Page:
As the Daft Punk collaboration showcases his immense talents once more, we take a look at how to get Nile Rodgers Style Guitar Tone
It would be fair to say that Nile Rodgers is a ‘lesser known’ guitar legend- in most guitar playing circles at least. And yet, there are very few guitarists who have contributed more to the world of music, even if his playing, writing and production were considered individually.
Starting out as a session player in the Sesame Street band, Rodgers went on to form legendary disco act, Chic. Aside from the hugely influential tracks this band produced (‘Le Freak’, ‘I Want Your Love’, ‘Good Times’ and countless others), Rodgers and songwriting partner Bernard Edwards wrote for many other huge acts (Sister Sledge’s ‘We Are Family’, Diana Ross’s ‘I’m Coming Out’ for example).
Inadvertently, Chic’s work played a crucial role in the development of Hip-Hop, too. The bass-line from ‘Good Times’ was used on the Sugarhill Gang’s ‘Rapper’s Delight’. Since then, many other Chic tracks have had breaks sampled for other hip-hop hits.
Somehow, Rodgers managed replicate this magic touch in the field of music production, too. David Bowie (‘Let’s Dance’), Duran Duran (‘The Wild Boys’), Madonna (‘Like A Virgin’), Robert Plant’s The Honeydrippers, Jeff Beck, Sheena Easton, The B-52s, Eric Clapton, The Vaughan Brothers… and still found time to work on film soundtracks, too.
It cannot be forgotten that, despite all of his other incredible musical achievements, he is also still a massively influential guitar player. With a style that is syncopated, and rhythmically intricate, he remains fluid and lyrical. Never showy, his style is one that sounds fairly simple, but is very difficult to imitate (a sign of a true great).
He was a huge influence on Johnny Marr (who named his son after Nile), and his six-string magic can be heard on the forthcoming Daft Punk single ‘Get Lucky’. Instantly familiar, his playing injects that authentic disco funk feel, and adds his unmistakable ‘Chic’ stamp to the record.
If you want to add some disco, funk chops to your music, how can you get a Nile Rodgers style guitar tone then?
Keep it clean, folks
Whilst Nile has played on countless records over the years (he generally ends up playing on the records he produces – that’s him dropping the famous guitar chops on ‘Let’s Dance’), and of course adopts a style suitable to the project, the style for which his best known is the ultra clean, choppy tone employed in Chic’s early singles.
The guitar he most regularly uses to achieve this is his trusty ‘59/ ’60 era Hardtail Fender Stratocaster, nicknamed ‘The Hitmaker’. According to Rodgers ‘The Harry Fox agency once out that something like two billion dollars worth of music has flowed through this one guitar’. Looking at his list of credits, this is no exaggeration.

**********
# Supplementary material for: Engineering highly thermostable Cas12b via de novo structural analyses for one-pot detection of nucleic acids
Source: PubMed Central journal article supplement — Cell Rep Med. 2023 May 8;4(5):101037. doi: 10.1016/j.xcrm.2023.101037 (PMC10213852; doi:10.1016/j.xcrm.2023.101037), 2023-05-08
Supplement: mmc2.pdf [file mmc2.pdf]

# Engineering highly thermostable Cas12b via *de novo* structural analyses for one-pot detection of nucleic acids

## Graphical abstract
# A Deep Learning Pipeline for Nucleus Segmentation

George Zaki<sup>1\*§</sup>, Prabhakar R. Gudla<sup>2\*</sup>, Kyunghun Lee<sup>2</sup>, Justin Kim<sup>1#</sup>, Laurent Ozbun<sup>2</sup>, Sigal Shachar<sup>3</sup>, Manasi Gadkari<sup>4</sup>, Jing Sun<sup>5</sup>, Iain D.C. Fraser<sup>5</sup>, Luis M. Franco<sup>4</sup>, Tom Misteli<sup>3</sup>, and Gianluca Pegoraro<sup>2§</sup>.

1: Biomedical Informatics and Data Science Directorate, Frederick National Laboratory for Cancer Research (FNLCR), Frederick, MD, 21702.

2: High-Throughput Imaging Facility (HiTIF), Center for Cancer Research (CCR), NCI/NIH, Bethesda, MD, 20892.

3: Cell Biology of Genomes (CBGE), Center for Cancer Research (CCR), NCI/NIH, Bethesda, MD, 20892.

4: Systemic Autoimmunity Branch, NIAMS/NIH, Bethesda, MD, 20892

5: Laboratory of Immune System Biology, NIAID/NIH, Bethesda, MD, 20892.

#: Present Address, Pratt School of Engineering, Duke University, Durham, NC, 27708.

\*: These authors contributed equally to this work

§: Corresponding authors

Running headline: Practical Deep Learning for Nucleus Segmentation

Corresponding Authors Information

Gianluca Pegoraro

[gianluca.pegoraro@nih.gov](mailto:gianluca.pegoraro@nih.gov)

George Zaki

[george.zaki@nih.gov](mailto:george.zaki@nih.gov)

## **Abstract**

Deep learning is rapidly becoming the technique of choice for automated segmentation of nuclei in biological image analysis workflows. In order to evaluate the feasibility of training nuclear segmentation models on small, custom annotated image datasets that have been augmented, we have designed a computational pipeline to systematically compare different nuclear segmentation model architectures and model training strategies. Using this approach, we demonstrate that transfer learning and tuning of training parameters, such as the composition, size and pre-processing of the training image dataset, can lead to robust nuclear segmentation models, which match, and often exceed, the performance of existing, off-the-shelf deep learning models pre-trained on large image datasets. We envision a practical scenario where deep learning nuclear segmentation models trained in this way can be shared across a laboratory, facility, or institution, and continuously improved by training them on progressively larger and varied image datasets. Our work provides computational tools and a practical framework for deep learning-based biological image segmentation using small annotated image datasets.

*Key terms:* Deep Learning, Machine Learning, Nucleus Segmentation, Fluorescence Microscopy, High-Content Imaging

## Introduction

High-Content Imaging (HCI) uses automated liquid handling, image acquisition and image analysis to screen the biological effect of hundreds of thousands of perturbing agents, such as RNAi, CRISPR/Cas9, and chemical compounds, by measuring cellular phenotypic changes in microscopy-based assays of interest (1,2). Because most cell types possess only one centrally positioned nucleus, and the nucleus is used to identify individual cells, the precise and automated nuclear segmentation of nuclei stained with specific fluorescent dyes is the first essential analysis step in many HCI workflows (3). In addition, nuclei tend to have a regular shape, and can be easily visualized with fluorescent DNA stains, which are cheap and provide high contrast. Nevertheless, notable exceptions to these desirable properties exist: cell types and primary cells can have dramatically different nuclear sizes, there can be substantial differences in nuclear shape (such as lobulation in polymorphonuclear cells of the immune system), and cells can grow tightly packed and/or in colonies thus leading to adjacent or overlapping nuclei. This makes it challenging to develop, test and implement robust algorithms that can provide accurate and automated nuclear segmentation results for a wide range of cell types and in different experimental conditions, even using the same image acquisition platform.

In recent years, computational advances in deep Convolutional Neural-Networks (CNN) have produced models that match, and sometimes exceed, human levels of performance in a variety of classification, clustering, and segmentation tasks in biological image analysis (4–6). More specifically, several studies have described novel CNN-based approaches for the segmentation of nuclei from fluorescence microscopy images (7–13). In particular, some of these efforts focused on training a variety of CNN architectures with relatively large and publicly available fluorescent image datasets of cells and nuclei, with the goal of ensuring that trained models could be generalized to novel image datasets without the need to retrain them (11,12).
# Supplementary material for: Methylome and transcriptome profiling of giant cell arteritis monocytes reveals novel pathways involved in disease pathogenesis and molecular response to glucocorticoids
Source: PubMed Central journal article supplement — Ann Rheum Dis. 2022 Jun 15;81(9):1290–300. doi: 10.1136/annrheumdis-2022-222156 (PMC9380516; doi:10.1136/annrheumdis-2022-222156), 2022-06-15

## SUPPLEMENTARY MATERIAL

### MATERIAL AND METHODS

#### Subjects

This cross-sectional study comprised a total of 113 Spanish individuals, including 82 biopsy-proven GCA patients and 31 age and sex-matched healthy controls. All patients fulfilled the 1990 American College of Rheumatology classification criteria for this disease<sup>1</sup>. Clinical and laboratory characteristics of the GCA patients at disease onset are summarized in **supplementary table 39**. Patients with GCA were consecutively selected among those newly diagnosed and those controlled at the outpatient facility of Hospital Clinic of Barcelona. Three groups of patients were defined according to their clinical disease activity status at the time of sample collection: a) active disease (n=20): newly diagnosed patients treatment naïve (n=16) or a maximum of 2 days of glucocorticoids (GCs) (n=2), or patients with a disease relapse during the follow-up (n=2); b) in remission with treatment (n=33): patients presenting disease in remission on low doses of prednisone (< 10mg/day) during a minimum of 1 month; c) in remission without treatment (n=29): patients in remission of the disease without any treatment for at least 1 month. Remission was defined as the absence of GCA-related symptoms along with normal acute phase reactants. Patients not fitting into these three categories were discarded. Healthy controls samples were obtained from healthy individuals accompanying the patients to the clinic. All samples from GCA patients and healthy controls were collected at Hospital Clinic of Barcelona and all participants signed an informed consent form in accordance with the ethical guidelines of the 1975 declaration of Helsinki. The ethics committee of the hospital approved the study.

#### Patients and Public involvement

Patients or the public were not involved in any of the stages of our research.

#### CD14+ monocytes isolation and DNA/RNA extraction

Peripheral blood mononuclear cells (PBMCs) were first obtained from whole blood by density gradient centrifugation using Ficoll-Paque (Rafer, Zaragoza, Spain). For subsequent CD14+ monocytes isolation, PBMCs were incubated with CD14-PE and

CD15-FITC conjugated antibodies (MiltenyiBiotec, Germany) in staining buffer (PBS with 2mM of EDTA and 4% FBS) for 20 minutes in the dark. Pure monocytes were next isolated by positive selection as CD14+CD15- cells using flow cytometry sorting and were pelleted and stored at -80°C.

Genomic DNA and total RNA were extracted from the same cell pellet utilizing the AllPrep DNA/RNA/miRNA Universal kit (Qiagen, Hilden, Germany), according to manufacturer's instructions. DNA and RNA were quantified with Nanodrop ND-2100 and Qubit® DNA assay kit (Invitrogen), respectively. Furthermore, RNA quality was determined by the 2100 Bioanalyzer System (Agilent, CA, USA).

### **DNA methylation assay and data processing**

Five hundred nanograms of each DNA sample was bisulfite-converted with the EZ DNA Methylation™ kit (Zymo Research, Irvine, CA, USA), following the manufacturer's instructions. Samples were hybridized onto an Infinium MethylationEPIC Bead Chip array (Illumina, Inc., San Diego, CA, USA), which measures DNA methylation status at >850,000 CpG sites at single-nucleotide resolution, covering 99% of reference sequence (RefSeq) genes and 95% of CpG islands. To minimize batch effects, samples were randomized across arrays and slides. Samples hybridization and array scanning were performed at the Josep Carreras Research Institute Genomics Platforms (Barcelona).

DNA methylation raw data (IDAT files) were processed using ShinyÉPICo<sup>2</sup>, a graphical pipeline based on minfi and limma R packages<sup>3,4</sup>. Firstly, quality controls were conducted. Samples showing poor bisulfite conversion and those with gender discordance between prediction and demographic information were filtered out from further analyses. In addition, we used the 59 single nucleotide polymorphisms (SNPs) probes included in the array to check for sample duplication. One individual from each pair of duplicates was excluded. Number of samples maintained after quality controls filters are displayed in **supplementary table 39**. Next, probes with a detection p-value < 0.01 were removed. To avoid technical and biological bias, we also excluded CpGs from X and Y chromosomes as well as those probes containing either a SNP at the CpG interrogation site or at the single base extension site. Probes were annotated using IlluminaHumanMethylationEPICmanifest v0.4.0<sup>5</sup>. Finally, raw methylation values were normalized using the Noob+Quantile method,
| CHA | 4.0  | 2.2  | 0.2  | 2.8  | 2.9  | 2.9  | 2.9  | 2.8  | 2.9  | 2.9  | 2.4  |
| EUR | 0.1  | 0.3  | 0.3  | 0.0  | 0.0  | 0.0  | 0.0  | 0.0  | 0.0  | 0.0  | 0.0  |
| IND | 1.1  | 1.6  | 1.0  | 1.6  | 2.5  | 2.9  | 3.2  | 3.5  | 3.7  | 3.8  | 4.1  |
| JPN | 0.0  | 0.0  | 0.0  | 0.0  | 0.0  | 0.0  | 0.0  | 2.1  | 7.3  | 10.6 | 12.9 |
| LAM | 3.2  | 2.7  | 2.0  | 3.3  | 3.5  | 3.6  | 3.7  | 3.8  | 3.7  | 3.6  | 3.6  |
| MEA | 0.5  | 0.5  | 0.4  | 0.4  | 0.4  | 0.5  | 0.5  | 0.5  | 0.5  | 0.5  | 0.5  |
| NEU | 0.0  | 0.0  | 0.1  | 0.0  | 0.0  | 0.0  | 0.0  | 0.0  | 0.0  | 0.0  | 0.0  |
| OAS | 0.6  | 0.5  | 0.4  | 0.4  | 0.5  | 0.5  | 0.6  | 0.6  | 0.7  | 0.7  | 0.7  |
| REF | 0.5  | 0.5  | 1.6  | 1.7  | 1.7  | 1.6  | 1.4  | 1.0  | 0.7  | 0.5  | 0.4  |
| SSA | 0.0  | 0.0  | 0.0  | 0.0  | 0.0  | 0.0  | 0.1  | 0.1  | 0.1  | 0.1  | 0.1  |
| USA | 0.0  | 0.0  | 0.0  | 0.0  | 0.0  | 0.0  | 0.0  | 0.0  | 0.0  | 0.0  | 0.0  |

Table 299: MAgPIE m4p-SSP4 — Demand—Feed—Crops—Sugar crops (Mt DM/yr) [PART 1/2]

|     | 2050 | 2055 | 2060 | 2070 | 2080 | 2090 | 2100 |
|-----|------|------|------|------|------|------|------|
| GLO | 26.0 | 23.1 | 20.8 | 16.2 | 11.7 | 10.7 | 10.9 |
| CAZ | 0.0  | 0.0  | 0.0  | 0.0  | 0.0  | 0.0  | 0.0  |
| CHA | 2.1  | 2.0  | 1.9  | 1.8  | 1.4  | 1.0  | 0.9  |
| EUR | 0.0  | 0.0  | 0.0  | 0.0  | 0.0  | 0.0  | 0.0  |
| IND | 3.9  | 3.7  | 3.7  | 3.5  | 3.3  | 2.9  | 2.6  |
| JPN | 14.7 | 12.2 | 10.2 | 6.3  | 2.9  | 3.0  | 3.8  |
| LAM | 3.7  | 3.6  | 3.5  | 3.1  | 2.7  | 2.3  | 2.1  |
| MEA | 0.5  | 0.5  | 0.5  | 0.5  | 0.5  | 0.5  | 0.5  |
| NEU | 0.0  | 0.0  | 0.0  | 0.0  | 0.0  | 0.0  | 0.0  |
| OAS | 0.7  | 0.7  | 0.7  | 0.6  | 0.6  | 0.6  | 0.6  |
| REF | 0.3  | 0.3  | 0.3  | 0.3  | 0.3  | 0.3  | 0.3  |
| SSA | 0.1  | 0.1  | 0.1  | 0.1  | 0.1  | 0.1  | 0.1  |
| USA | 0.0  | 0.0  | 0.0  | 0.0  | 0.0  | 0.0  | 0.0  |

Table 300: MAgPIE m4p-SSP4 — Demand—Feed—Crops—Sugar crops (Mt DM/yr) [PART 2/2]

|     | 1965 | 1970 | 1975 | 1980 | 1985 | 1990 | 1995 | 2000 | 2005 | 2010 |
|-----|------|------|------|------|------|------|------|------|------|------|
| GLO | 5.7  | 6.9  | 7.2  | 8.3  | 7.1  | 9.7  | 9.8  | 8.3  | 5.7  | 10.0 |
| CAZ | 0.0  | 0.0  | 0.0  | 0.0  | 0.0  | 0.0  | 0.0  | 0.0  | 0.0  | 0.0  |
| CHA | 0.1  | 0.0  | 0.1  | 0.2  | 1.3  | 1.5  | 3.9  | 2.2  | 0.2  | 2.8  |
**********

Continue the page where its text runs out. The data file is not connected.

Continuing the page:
Though a great deal of funk-style rhythm playing is typified by the out of phase pickup settings, Rodgers tone generally uses the neck position on his Strat. This is rounder, woodier, and ‘bigger’ with more ‘punch’ when compared to the glassier out of phase tones. You’ll need to have the tone control turned up fairly high, too.
As already stated, clean is the order of the day here. When recording, many sources suggest that Nile often uses a DI box and goes straight into the desk. Then, he’ll usually add some compression to the tone. It can be heard, however, that his tone is by no means as heavily compressed as many other proponents of a funk rhythm style.
As his chord-based playing often carries much melodic information, compressing to enhance the percussive ‘chucka-chucka’ choppiness would be too much- you want to hear more of the note than just the attack.
Check out the excellent MXR Dyna Comp, and Boss CS-3 as two great compressor choices. An EQ pedal such as the Boss GE-7 can also be incredibly useful to shape the sound here- adding a boost to the highs and upper mids, and backing off the low frequencies to taste.
When he plays live, Rodgers is fond of Peavey Classic 50s (he was given some by his late friend, Stevie Ray Vaughan). The clean tone on these amps is very highly regarded. However, he has been known to play a number of different amps from Fender. As ‘clean’ is king here, Twins and Princetons are perfect. Transistor based amps can also be a great fit in this regard- the Roland Jazz Chorus JC120 for example.
All-in-one guitar FX processors such as the Boss GT-100, and software such as Guitar Rig are great for experimenting with guitar tones such as this. They provide a wide selection of amp models and effects, such that a whole virtual ‘rig’ can be set up and saved.
Of course, the biggest part of achieving a Nile Rodgers style guitar tone is his technique. He has described the styles used in Chic’s early records as an evolution of the jazz-fusion styles he already played.
He generally employs the use of triad, three note chords, which keeps a clean, uncluttered tone. It also allows him to more easily incorporate the chordal inversions that carry melodic elements, and typify his style.
When he describes his playing style, he talks of his left and right hand being married. In fact, many have compared his right hand technique as being akin to that often used by bluegrass banjo players. This fast strumming, combined with his clever left hand muting results in the intricate syncopated rhythms and ‘chucking’.
It isn’t as easy as it sounds, however… Check out this interview with the great man as he talks viewers through some aspects of his musical approach- inspiring stuff!
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Joe is a contributor for the Dawsons Music blog. Specialising in product reviews and crafting content to help and inspire musicians of all musical backgrounds.